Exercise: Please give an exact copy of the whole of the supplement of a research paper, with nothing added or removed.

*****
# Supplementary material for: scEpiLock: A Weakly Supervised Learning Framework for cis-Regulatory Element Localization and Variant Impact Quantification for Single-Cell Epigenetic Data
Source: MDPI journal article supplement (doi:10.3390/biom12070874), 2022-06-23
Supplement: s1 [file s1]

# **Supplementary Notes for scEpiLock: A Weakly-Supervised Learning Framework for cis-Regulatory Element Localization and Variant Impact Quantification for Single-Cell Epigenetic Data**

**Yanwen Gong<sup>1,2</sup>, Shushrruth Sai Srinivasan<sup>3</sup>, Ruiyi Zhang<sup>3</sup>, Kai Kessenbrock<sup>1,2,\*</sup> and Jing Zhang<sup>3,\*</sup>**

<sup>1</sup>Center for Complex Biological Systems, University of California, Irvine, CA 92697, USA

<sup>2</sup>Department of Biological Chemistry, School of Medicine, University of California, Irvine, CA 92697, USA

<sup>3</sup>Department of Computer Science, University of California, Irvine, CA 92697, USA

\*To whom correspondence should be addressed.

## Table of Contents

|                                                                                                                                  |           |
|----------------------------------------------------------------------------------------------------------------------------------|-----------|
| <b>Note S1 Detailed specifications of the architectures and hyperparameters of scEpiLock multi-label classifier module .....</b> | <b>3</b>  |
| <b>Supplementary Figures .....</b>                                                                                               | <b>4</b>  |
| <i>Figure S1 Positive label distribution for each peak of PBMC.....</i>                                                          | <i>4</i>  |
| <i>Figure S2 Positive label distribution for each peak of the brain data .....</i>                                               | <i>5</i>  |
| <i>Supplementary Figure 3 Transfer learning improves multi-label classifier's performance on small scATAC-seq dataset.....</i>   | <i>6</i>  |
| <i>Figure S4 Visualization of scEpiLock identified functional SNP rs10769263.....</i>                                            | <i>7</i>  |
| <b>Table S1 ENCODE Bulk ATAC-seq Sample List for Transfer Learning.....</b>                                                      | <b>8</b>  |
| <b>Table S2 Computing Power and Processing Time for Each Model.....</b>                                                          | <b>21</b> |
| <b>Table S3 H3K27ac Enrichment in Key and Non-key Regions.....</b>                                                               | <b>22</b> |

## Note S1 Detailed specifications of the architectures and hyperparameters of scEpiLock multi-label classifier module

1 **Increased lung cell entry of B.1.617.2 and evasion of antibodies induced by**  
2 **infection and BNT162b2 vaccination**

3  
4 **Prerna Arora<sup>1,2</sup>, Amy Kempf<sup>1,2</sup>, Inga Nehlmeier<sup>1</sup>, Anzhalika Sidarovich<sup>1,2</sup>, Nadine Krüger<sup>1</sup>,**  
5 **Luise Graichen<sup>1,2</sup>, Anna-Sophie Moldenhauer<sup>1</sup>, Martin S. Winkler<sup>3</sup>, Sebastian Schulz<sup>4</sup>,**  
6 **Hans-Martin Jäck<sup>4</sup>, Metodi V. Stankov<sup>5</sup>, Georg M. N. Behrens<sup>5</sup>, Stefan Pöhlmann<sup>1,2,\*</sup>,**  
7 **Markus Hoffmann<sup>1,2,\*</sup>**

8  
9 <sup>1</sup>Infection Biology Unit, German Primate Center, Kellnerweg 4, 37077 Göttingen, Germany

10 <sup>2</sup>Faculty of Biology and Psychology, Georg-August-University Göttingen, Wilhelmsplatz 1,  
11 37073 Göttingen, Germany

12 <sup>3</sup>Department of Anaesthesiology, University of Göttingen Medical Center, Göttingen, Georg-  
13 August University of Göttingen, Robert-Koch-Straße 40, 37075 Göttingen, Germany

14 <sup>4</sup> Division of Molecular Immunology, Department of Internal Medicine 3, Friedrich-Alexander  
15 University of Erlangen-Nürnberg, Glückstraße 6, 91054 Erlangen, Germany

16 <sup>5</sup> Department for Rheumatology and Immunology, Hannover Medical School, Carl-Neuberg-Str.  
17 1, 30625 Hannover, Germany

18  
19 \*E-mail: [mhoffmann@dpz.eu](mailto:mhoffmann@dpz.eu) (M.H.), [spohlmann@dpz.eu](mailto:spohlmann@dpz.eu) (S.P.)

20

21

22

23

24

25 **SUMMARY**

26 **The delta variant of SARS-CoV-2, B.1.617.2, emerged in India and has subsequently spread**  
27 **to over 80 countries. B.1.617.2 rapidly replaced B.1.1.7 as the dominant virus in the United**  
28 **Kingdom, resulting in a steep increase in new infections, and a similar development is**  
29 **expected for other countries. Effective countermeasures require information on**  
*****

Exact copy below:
# Supplementary material for: scEpiLock: A Weakly Supervised Learning Framework for cis-Regulatory Element Localization and Variant Impact Quantification for Single-Cell Epigenetic Data
Source: MDPI journal article supplement (doi:10.3390/biom12070874), 2022-06-23
Supplement: s1 [file s1]

# **Supplementary Notes for scEpiLock: A Weakly-Supervised Learning Framework for cis-Regulatory Element Localization and Variant Impact Quantification for Single-Cell Epigenetic Data**

**Yanwen Gong<sup>1,2</sup>, Shushrruth Sai Srinivasan<sup>3</sup>, Ruiyi Zhang<sup>3</sup>, Kai Kessenbrock<sup>1,2,\*</sup> and Jing Zhang<sup>3,\*</sup>**

<sup>1</sup>Center for Complex Biological Systems, University of California, Irvine, CA 92697, USA

<sup>2</sup>Department of Biological Chemistry, School of Medicine, University of California, Irvine, CA 92697, USA

<sup>3</sup>Department of Computer Science, University of California, Irvine, CA 92697, USA

\*To whom correspondence should be addressed.

## Table of Contents

|                                                                                                                                  |           |
|----------------------------------------------------------------------------------------------------------------------------------|-----------|
| <b>Note S1 Detailed specifications of the architectures and hyperparameters of scEpiLock multi-label classifier module .....</b> | <b>3</b>  |
| <b>Supplementary Figures .....</b>                                                                                               | <b>4</b>  |
| <i>Figure S1 Positive label distribution for each peak of PBMC.....</i>                                                          | <i>4</i>  |
| <i>Figure S2 Positive label distribution for each peak of the brain data .....</i>                                               | <i>5</i>  |
| <i>Supplementary Figure 3 Transfer learning improves multi-label classifier's performance on small scATAC-seq dataset.....</i>   | <i>6</i>  |
| <i>Figure S4 Visualization of scEpiLock identified functional SNP rs10769263.....</i>                                            | <i>7</i>  |
| <b>Table S1 ENCODE Bulk ATAC-seq Sample List for Transfer Learning.....</b>                                                      | <b>8</b>  |
| <b>Table S2 Computing Power and Processing Time for Each Model.....</b>                                                          | <b>21</b> |
| <b>Table S3 H3K27ac Enrichment in Key and Non-key Regions.....</b>                                                               | <b>22</b> |

## Note S1 Detailed specifications of the architectures and hyperparameters of scEpiLock multi-label classifier module

1 **Increased lung cell entry of B.1.617.2 and evasion of antibodies induced by**  
2 **infection and BNT162b2 vaccination**

3  
4 **Prerna Arora<sup>1,2</sup>, Amy Kempf<sup>1,2</sup>, Inga Nehlmeier<sup>1</sup>, Anzhalika Sidarovich<sup>1,2</sup>, Nadine Krüger<sup>1</sup>,**  
5 **Luise Graichen<sup>1,2</sup>, Anna-Sophie Moldenhauer<sup>1</sup>, Martin S. Winkler<sup>3</sup>, Sebastian Schulz<sup>4</sup>,**  
6 **Hans-Martin Jäck<sup>4</sup>, Metodi V. Stankov<sup>5</sup>, Georg M. N. Behrens<sup>5</sup>, Stefan Pöhlmann<sup>1,2,\*</sup>,**  
7 **Markus Hoffmann<sup>1,2,\*</sup>**

8  
9 <sup>1</sup>Infection Biology Unit, German Primate Center, Kellnerweg 4, 37077 Göttingen, Germany

10 <sup>2</sup>Faculty of Biology and Psychology, Georg-August-University Göttingen, Wilhelmsplatz 1,  
11 37073 Göttingen, Germany

12 <sup>3</sup>Department of Anaesthesiology, University of Göttingen Medical Center, Göttingen, Georg-  
13 August University of Göttingen, Robert-Koch-Straße 40, 37075 Göttingen, Germany

14 <sup>4</sup> Division of Molecular Immunology, Department of Internal Medicine 3, Friedrich-Alexander  
15 University of Erlangen-Nürnberg, Glückstraße 6, 91054 Erlangen, Germany

16 <sup>5</sup> Department for Rheumatology and Immunology, Hannover Medical School, Carl-Neuberg-Str.  
17 1, 30625 Hannover, Germany

18  
19 \*E-mail: [mhoffmann@dpz.eu](mailto:mhoffmann@dpz.eu) (M.H.), [spohlmann@dpz.eu](mailto:spohlmann@dpz.eu) (S.P.)

20

21

22

23

24

25 **SUMMARY**

26 **The delta variant of SARS-CoV-2, B.1.617.2, emerged in India and has subsequently spread**  
27 **to over 80 countries. B.1.617.2 rapidly replaced B.1.1.7 as the dominant virus in the United**  
28 **Kingdom, resulting in a steep increase in new infections, and a similar development is**  
29 **expected for other countries. Effective countermeasures require information on**  